În 1931 the National Credit Corporation was formed for the erpress purpose of saving banks by making loans to banks upon slow collateral. The Peoples' Wayne County Bank joined the corporation and loaned its credit-approximately one third of the total credit of this association in Michigan-to all banks in Michigan seek ing aid, and it has been reliably estimated by members of the Michigan National Credit Board that over 50 banks were saved by this action. The Peoples' Wayne County Bank, or the First National Bank, never made application to borrow 1 cent from the National Credit Corporation. The bank was still following its established policy of trying to be helpful to the community, to the State and Nation by lending our credit.

The R.F.C. was formed early in 1932, but at no time did the First National Bank seek or request a loan from it until the Lincoln Birthday week-end, immediately prior to the Michigan bank holidar, when the First National Bank was for the first time informed of thie imminent and critical condition of the Union Guardian Trust Co it requested a loan from the R.F.C., but was able to obtain no commitment from it whatsoever, so that the holiday in Michigan might have been avoided. After the receivership loans were made to the receiver by the R.F.C. to the extent of, I should imagine, $70,001), (,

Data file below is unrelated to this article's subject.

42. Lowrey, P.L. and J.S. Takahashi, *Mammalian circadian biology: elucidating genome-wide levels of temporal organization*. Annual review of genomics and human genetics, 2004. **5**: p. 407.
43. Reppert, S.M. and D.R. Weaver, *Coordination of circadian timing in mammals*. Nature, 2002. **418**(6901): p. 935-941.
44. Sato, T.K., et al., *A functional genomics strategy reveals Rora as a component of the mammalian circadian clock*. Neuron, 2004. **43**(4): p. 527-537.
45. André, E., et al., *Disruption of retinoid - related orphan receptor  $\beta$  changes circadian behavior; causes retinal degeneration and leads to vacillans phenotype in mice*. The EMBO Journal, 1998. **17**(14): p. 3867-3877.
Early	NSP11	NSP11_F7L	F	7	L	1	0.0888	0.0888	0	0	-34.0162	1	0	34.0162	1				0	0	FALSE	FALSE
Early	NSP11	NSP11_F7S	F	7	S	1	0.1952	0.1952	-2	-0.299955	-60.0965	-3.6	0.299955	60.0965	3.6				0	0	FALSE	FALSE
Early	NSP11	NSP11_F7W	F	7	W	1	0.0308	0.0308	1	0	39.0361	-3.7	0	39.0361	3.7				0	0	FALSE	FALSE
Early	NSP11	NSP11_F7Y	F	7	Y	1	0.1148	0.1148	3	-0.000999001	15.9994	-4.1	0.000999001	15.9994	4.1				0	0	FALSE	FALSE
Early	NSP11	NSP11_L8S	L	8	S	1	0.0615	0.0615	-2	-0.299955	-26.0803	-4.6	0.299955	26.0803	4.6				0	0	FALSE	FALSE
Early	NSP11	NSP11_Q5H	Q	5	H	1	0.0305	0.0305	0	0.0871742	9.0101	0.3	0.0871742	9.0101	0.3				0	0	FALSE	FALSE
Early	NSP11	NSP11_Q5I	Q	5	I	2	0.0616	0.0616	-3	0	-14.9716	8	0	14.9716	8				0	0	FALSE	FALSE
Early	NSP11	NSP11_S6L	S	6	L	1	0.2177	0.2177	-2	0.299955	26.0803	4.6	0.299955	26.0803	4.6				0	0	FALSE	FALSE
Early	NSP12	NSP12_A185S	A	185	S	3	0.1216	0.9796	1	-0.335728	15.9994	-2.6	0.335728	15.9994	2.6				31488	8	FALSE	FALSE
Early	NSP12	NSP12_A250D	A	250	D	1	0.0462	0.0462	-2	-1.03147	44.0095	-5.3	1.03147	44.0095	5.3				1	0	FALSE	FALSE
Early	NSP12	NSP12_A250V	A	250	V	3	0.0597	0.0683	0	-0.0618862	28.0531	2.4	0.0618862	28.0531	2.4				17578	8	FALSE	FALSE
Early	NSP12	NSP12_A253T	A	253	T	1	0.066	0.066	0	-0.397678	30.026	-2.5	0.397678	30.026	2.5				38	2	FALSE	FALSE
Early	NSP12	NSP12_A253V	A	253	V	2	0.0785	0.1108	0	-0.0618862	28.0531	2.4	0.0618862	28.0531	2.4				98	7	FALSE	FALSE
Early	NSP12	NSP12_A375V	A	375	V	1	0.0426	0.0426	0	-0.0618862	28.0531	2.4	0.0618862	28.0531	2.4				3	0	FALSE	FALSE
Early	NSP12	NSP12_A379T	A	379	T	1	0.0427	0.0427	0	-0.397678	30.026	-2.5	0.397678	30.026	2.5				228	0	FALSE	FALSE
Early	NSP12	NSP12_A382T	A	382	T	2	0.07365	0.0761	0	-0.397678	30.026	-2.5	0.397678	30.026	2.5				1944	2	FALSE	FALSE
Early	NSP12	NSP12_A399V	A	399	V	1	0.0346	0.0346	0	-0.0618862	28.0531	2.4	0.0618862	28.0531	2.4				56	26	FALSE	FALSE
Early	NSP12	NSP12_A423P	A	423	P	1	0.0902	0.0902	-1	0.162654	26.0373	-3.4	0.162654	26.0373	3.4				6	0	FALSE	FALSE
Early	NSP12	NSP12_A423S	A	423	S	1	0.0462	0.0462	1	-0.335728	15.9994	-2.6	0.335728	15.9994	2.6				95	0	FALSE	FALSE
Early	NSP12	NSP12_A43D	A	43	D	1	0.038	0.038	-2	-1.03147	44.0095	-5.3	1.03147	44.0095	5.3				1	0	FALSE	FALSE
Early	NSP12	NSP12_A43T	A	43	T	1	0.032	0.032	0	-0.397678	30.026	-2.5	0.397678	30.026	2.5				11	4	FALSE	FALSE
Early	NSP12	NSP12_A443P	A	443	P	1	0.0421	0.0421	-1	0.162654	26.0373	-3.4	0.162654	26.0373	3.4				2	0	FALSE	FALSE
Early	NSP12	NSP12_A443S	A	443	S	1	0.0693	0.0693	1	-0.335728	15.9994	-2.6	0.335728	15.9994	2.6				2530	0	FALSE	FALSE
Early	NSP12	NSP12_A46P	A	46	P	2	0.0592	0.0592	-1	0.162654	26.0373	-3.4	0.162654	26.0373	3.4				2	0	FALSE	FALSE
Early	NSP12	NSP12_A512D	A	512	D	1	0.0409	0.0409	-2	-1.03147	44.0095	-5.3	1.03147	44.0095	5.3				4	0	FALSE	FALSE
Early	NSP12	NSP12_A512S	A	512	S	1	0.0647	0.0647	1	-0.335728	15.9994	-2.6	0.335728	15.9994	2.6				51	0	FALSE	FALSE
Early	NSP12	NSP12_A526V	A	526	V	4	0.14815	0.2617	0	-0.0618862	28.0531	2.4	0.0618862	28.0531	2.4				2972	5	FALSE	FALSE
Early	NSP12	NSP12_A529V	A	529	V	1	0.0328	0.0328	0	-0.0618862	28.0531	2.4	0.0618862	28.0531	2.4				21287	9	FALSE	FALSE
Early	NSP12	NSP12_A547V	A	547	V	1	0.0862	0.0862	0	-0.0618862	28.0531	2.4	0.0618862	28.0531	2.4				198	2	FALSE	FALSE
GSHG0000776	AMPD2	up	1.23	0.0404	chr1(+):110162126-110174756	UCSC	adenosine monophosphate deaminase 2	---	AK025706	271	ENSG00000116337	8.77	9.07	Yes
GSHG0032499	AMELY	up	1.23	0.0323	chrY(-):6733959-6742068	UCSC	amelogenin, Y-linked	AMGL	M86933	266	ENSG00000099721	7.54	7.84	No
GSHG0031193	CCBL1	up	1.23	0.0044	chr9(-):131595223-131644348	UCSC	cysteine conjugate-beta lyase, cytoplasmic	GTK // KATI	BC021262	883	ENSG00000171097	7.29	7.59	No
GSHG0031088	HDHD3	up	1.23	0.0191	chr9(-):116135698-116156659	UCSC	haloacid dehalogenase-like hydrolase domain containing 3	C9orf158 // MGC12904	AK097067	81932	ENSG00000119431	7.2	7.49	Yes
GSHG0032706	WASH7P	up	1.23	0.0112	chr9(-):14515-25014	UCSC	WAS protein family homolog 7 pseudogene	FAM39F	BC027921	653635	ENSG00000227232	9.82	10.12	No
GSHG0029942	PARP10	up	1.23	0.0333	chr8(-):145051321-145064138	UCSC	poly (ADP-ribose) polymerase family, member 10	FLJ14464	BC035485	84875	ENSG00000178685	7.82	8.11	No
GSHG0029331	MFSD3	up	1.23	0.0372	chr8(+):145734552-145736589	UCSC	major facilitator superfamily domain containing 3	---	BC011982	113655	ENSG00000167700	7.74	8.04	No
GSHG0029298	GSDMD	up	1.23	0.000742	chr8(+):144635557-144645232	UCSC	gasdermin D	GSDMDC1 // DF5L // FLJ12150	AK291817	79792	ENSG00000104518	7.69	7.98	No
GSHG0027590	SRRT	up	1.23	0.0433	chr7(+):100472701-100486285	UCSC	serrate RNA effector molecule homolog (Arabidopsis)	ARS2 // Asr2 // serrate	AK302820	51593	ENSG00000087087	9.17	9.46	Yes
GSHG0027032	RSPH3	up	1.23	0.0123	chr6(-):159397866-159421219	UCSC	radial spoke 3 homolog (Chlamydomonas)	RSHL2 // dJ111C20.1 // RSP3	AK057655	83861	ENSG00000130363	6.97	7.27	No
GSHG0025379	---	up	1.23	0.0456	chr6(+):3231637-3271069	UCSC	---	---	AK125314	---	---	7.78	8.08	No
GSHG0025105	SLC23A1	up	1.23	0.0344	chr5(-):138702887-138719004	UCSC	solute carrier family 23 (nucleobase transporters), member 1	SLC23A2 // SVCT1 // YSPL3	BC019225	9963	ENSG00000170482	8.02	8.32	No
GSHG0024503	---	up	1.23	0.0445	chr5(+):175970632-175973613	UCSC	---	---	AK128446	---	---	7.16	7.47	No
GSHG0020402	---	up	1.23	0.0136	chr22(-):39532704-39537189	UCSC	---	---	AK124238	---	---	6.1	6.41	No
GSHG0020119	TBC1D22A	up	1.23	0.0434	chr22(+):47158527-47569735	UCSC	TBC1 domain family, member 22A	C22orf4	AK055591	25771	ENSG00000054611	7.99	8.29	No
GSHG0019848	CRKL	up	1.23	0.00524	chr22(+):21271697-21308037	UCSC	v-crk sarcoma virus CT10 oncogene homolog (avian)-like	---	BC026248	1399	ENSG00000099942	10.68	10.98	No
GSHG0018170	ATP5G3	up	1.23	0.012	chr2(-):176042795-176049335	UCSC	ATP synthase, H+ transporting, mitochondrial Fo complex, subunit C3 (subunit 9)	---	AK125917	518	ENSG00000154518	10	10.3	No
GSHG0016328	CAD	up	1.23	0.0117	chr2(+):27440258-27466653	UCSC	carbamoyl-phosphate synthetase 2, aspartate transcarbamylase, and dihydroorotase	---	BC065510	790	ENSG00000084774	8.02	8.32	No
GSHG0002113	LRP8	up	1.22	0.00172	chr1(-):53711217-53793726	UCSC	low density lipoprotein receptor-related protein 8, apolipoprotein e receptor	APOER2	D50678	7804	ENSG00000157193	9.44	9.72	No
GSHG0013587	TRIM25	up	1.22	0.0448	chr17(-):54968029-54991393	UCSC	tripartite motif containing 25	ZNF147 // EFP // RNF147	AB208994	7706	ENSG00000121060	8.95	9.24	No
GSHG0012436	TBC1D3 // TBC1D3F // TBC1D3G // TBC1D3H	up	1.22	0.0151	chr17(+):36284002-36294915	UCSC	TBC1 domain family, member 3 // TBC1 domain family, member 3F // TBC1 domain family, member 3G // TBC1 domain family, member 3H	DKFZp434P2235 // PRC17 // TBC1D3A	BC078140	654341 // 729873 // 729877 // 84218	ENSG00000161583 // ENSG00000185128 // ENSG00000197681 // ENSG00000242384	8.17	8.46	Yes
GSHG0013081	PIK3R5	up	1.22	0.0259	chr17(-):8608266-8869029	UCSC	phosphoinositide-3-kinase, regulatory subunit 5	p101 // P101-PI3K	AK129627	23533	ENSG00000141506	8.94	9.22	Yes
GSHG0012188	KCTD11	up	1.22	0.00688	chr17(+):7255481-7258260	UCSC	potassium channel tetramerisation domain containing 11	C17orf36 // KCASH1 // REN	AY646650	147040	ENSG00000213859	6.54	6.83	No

upon collateral which was available for such loan before the Michigan holiday. Such a loan then would have avoided the holidaybut it was not forthcoming.

It is probably unnecessary to again set forth here the events leading up to the Lincoln Birthday week-end holiday in Michigan. Although the chief national-bank examiner for the district was fully aware since at least the end of January of the pressing needs of the Union Guardian Trust Co., neither he nor any Government official, nor anyone connected with the Union Guardian Group, informed the First National Bank thereof (rather, however, several days before a high officer of the Union Guardian Group, stated they were experiencing no difficulty), although the examiner states in his testimony that he had long recognized the seriousness of the condition of the Union Guardian Trust Co., describing it as a cancer, and in the event of its failure the serious effect upon other institutions in the State. Two days before the declaration of the holiday was all the time given the First National Bank to meet such a devastating emergency (one of these days was a Sunday and the other a holiday). In spite of the shortness of time and the difficulties, the officers of the First National Bank did everything they could to put their institution in shape to meet such a tremendous earthquake. We were arranging loans from our New York correspondents; we were attempting to arrange loans from the Federal Reserve Bank of Chicago; and requested aid from the R.F.C., which for some inexplicable reason was not forthcoming. We had close to $60,000,000 of cash or its equivalent which was free.